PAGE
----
Listen to it here.

Grade: A

Album Review: George Strait – ‘Love Is Everything’

love is everythingNow 61, George Strait may be giving up touring next year, but he still seems to be keen on continuing his recording career. As with everything he has done in the past decade, he has co-produced his latest album with Tony Brown, and there are no indications he is running out of steam. The pair know just what works for Strait and his fans, and while there are no real surprises here, it’s an accomplished record which will be well received by the fans.

Lead single ‘Give It All We Got Tonight’ is a rather dull and generic song with irritatingly tinny echoes in the production, written by Mark Bright, Phil O’Donnell and Tim James. It sounds exactly like an attempt at getting some radio attention. Luckily it’s done the job, giving George his 60th chart-topper; better still, it’s the only dud.

The outstanding song is ‘Blue Melodies’, a sad slow song written by Keith Gattis and one Wyatt Earp (yes, really). Loaded with steel guitar and fiddle, this is classic country heartbreak as a songwriter struggles to find the right words to convey his feelings. His sweetheart loves the sad songs, but he admits this will end up “a sad song, that’s too sad to sing” if she isn’t persuaded to return. His years of experience stand him in good stead here, as the phrasing is impeccable. This is absolutely lovely.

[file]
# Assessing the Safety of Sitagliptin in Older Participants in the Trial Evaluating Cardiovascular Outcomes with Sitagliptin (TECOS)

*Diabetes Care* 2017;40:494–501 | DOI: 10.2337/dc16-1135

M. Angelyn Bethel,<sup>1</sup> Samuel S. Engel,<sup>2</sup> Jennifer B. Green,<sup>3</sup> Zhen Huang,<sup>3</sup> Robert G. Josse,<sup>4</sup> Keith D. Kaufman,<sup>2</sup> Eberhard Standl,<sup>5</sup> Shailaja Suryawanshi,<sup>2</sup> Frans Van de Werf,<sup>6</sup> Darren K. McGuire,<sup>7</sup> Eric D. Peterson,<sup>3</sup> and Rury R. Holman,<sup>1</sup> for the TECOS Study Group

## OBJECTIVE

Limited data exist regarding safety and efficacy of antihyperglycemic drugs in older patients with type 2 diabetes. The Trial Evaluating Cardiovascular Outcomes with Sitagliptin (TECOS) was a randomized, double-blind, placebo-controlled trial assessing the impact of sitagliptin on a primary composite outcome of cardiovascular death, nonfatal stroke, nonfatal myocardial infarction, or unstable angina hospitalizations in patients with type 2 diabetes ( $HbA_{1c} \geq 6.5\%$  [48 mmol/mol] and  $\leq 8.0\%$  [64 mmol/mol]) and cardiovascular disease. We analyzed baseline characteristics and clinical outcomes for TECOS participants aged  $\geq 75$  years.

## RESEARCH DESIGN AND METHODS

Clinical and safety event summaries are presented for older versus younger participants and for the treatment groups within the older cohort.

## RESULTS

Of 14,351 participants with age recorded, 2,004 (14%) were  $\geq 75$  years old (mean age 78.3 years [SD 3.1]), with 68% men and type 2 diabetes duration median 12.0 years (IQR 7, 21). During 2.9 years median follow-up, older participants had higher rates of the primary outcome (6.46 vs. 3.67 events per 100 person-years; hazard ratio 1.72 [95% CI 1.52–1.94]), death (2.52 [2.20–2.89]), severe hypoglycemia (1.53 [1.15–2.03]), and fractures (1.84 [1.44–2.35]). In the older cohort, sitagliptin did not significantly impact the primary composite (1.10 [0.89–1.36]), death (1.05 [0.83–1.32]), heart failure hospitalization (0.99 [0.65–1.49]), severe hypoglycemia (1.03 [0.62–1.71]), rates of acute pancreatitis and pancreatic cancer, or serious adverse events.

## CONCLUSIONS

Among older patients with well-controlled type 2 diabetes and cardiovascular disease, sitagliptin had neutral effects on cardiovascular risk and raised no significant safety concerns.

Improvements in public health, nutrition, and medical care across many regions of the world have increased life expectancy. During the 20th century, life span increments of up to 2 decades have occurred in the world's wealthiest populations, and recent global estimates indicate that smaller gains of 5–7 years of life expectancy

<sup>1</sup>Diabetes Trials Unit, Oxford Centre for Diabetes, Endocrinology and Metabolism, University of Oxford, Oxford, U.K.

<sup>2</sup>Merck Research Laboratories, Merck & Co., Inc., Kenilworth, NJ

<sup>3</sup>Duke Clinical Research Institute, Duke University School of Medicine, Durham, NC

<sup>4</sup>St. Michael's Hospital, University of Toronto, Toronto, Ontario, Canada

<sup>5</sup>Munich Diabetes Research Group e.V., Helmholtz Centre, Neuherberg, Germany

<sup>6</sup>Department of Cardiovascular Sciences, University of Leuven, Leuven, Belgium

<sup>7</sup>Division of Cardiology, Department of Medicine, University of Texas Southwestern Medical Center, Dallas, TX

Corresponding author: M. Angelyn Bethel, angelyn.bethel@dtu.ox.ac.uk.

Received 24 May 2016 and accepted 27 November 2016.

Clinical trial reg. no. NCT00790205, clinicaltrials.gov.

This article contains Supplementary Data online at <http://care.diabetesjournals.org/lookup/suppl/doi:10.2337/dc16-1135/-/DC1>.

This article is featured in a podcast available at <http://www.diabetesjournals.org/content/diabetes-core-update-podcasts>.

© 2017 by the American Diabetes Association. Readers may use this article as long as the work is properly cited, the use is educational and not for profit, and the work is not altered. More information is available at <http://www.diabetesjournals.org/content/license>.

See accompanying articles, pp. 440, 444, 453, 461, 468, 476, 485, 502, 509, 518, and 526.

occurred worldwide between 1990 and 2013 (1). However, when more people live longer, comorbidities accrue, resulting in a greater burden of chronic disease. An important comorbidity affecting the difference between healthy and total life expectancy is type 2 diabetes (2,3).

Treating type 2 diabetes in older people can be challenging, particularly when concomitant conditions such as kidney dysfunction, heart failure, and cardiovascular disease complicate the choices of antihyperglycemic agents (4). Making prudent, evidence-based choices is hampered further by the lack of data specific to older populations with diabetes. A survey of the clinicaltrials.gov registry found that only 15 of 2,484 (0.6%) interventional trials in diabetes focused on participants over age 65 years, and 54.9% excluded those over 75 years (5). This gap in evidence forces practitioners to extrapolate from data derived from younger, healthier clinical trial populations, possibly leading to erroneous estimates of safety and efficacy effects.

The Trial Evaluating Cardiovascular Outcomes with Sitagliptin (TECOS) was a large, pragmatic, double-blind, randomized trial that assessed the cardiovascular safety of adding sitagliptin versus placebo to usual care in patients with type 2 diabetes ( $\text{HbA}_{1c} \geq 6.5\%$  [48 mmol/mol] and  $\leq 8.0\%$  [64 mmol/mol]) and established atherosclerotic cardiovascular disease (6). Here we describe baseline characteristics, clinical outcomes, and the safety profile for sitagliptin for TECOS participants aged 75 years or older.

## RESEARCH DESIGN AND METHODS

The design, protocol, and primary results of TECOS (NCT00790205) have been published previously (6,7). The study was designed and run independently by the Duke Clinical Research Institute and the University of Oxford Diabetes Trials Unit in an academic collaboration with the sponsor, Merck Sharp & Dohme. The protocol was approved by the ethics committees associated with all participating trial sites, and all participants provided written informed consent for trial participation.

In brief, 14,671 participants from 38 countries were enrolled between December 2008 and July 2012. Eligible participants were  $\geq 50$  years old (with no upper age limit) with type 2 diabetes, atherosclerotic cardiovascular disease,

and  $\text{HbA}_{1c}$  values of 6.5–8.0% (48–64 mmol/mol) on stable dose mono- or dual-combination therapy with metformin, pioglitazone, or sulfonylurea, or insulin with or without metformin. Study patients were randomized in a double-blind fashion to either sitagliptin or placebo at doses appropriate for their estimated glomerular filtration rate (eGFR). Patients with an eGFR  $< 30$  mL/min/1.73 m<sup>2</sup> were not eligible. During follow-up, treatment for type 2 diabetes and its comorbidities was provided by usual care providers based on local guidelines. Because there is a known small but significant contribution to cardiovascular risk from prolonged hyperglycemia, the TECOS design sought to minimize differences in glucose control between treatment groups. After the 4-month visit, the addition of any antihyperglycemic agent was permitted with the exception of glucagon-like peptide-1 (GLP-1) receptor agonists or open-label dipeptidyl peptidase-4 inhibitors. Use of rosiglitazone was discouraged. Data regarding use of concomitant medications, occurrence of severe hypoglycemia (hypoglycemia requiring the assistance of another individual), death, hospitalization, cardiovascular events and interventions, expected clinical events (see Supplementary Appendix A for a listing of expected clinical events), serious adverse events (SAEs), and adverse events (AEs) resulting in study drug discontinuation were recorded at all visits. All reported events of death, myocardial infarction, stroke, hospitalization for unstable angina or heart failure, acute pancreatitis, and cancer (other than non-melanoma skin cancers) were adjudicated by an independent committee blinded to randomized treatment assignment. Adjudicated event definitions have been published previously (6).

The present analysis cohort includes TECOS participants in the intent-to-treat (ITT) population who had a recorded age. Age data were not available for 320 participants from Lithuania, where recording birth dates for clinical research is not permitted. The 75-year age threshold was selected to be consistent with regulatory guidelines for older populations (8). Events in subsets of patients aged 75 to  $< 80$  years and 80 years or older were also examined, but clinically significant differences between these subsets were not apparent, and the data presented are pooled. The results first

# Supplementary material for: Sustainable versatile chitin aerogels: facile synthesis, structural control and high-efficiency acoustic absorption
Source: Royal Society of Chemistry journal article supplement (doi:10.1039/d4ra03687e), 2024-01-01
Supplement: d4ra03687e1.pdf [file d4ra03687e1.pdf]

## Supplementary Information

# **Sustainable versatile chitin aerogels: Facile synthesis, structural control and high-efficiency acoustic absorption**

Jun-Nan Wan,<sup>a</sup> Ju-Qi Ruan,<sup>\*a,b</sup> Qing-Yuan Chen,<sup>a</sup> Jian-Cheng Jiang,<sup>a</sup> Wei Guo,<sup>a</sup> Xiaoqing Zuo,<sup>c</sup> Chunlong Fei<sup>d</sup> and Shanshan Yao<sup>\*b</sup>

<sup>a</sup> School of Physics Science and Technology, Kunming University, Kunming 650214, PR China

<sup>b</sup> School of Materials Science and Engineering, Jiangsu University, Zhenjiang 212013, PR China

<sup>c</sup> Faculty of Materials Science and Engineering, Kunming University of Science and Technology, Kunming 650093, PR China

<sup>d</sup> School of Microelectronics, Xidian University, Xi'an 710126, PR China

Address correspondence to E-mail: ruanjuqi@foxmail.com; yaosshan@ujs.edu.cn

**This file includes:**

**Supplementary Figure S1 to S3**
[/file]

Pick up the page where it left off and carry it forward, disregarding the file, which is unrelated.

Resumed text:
Gattis also contributed another pair of songs to the album. The engaging story song ‘I Got A Car’, written with Tom Douglas, narrates a romance from roadside pickup to starting a family together, and is quite charming, although the production gets a little busy towards the end. It would probably work as a single. ‘Sittin’ On The Fence’, a co-write with Roger Creager, is another good song. It is about a man undecided whether to make the move to save a relationship (even though he knows he’d be a “damn fool to let her go”).

Also very good, ‘You Don’t Know What You’re Missing’, written by Chris Stapleton and Al Anderson, reports a bar room conversation comparing one man’s complaints about mundane problems in his family life, to his drinking companion’s real heartaches. ‘I Thought I Heard My Heart Sing’ (by Bill Kenner and L Russell Brown) is an enjoyably bouncy number about the euphoria of falling in love which has a delightfully retro feel.

In the warmhearted ‘When Love Comes Around Again’, penned by Monty Holmes, Donny Kees and Jeff Silvey, Strait offers an older man’s hard-won experience of recovering from a broken heart to find new love, to counsel a younger friend going through it all for the first time. This might be another good single. The title track (written by Casey Beathard and Pat McLaughlin) is a little bland lyrically, but the laidback vocal and generous emotion work well.